Growing cannabis can be an expensive hobby. It’s often not the soil, fertilizers or seeds, hurting our wallets the most. It’s the annoying electricity bill we get every single month production is running. This article assumes that most of us are growing on a rather small scale in a home environment. We like to grow Cannabis because it’s the safest and best way when taking both legal-, and health risks into consideration.

The Paris Agreement, negotiated by the 2015 United Nations Climate Change Conference, had the key result of setting the goal of limiting global warming to less than two degrees Celsius. This can be considered as a big step in the right direction to save this wonderful blue planet we, our plants, and animals live on.

Cannabis growers are a few steps ahead of history; if it’s not us who care about the soils, the water and the air of our planet, who does? Not giving a shit is always an option, but it’s not the only one we have.

This article gives you some basic information on how to reduce your energy consumption when growing the best plant of all: Cannabis.


If you grow cannabis indoors, you probably already have the knowledge of a state-approved electrician. Knowing how to correctly wire all your growing equipment is basic knowledge. You can take things to the next level by buying a digital meter that measures all the things you need to know: Watts, amps, volts, KWHr, and other parameters.

The easier approach would be to visit a cannabis website that provides an online-calculator for your energy consumption. You can simply add your electrical growing devices and the amount of hours you use them, and it will calculate your costs.


1. Find the right size for your grow.

This is the by far the most effective way to reduce energy costs. You probably didn’t start to smoke cannabis two weeks ago, so it shouldn’t be a problem to roughly estimate the amount of bud you personally need per month. Here is a short example to get an idea of how to do this:

Let’s say a potential grower wants to consume about 30g of bud every month. Just one single autoflowering plant is easily capable of producing this amount of bud in an 8 weeks life cycle. This means a potential harvest of 120g after two months when growing just four small autoflowering plants. This is enough to last for about 4 months in this particular case. This hypothetical weed farmer could grow 2 months, take a break for 2 months, and then continue to grow again.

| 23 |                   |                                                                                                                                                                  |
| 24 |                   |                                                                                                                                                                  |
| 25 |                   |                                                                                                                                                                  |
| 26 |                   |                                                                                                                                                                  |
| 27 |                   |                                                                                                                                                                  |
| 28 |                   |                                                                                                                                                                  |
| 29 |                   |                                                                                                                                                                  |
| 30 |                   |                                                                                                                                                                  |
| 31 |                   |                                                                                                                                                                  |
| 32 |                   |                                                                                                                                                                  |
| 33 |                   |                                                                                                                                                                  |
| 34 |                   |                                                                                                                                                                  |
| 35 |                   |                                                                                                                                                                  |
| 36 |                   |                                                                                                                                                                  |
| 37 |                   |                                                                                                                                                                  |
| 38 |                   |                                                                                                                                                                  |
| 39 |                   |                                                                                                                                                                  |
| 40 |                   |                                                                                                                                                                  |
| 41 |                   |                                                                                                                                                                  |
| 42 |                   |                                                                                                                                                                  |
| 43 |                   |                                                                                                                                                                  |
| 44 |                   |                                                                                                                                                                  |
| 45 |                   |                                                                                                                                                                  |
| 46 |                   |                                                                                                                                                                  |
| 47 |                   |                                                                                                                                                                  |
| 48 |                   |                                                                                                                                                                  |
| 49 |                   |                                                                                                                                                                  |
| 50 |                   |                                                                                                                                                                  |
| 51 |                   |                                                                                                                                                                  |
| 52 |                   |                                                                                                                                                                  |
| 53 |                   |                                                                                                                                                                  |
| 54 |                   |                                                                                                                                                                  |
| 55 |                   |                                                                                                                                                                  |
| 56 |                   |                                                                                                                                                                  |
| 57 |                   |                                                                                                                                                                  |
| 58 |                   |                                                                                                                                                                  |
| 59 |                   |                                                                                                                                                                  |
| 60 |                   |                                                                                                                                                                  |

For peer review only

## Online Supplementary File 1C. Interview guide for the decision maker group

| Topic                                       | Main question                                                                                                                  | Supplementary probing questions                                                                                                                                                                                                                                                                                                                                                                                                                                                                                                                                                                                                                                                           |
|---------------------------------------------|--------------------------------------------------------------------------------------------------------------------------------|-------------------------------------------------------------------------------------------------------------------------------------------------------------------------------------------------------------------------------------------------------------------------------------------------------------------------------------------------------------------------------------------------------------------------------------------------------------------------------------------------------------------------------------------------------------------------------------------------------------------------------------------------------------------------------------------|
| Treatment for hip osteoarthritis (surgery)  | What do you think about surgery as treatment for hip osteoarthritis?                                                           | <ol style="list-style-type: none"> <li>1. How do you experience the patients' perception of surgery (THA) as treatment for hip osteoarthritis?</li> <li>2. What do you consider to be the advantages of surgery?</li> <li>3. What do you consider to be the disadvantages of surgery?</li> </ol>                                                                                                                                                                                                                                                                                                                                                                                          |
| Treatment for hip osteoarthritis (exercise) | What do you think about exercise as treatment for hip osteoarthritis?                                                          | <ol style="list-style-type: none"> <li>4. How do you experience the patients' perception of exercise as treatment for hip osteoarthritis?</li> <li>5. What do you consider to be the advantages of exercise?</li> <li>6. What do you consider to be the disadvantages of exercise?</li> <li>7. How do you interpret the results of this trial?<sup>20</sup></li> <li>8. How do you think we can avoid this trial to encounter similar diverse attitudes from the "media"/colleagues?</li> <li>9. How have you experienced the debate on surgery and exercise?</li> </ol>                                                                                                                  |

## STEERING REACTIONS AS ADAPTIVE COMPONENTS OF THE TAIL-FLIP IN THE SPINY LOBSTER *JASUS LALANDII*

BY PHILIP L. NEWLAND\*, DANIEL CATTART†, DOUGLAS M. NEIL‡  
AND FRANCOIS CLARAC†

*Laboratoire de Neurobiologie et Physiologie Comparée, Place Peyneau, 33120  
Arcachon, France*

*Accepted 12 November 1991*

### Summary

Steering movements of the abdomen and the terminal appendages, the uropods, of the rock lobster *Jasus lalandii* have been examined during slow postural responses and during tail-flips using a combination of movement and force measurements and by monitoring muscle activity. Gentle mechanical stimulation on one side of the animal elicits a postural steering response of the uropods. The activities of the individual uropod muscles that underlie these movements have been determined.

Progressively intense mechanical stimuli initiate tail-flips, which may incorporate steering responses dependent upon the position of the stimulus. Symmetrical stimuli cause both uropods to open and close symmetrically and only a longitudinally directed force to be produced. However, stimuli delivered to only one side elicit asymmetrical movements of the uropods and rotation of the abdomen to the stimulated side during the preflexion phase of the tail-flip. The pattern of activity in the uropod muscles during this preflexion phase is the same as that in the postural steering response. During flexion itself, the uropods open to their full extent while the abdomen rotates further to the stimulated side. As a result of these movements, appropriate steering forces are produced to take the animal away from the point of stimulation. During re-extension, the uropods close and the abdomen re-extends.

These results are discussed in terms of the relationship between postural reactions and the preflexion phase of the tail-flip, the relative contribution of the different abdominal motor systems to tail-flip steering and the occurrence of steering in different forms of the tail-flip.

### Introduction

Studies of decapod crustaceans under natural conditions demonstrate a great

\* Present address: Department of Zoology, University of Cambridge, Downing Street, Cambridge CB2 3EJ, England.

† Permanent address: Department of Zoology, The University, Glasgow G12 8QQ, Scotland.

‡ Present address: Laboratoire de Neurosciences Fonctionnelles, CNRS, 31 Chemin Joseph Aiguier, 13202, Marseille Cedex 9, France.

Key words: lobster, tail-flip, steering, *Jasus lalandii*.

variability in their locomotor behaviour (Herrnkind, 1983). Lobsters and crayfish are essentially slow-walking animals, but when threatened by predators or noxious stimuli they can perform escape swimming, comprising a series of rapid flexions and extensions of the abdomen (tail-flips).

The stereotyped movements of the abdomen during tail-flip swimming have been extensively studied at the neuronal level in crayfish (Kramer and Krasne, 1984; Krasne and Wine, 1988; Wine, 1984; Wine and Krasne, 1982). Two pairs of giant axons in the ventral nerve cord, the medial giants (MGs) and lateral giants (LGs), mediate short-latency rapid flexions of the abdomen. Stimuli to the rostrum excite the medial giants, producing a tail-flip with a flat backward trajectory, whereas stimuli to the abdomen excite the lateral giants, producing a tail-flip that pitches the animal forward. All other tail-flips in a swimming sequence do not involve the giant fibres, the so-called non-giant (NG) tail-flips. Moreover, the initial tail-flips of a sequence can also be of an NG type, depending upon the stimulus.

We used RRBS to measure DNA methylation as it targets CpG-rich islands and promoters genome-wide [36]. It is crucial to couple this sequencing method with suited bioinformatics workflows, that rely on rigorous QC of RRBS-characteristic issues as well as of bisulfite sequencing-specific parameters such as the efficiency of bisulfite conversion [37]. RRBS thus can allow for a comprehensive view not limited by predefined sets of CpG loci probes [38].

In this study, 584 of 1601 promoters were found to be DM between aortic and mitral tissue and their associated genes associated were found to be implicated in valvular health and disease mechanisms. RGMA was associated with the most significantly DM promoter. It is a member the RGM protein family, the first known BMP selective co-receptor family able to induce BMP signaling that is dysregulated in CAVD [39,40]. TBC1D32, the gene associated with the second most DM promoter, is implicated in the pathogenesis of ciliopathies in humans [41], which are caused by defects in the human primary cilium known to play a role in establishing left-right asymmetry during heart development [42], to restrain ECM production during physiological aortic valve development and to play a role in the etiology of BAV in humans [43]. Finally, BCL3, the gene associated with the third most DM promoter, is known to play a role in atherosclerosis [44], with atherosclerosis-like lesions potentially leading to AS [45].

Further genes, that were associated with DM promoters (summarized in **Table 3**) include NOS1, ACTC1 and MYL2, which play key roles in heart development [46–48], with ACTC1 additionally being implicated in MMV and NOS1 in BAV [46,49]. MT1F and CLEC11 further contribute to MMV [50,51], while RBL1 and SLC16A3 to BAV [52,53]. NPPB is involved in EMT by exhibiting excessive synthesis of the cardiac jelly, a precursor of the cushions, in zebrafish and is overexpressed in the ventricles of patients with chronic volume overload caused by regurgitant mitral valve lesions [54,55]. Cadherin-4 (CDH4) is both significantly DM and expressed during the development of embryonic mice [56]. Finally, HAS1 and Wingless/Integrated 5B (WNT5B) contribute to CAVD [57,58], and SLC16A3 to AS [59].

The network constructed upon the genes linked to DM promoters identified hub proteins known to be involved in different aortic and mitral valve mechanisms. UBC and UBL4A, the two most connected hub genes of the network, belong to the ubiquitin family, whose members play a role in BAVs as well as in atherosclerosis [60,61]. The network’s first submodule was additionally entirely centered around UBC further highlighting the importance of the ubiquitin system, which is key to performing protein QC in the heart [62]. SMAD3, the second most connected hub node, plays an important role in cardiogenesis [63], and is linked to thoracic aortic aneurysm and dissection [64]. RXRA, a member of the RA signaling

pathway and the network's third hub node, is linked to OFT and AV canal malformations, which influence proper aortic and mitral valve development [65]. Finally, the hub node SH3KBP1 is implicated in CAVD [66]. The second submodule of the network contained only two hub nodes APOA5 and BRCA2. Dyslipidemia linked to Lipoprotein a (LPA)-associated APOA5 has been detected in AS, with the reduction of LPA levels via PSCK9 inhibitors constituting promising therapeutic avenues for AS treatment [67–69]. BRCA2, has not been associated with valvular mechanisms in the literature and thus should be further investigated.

What has to be taken into consideration is that autoflowering varieties need a light cycle of 18/6, 20/4, or 24/0. This of course lowers their overall energy efficiency because “regular”, or “feminized” cannabis strains, only need 12 hours of artificial light when grown indoors. This article is not meant to open up a debate on the highly emotional topic of the “best” way to produce buds most efficiently. There are just too many factors in this equation.

The point is, to perfectly match the amount of energy, you put into your plants, with the amount of bud you need for your private purposes.

cannabis lights indoor growing

2. Think about your lighting solution.

The common lighting technologies are kind of problematic when looking at them from an efficiency point of view. These lamps have really high wattages between 250-1000W. This is not the problem at all. The amount of buds always correlates with the amount of energy you put into the “growing-equation”. But it depends a lot on how good the ratio between yield and energy is.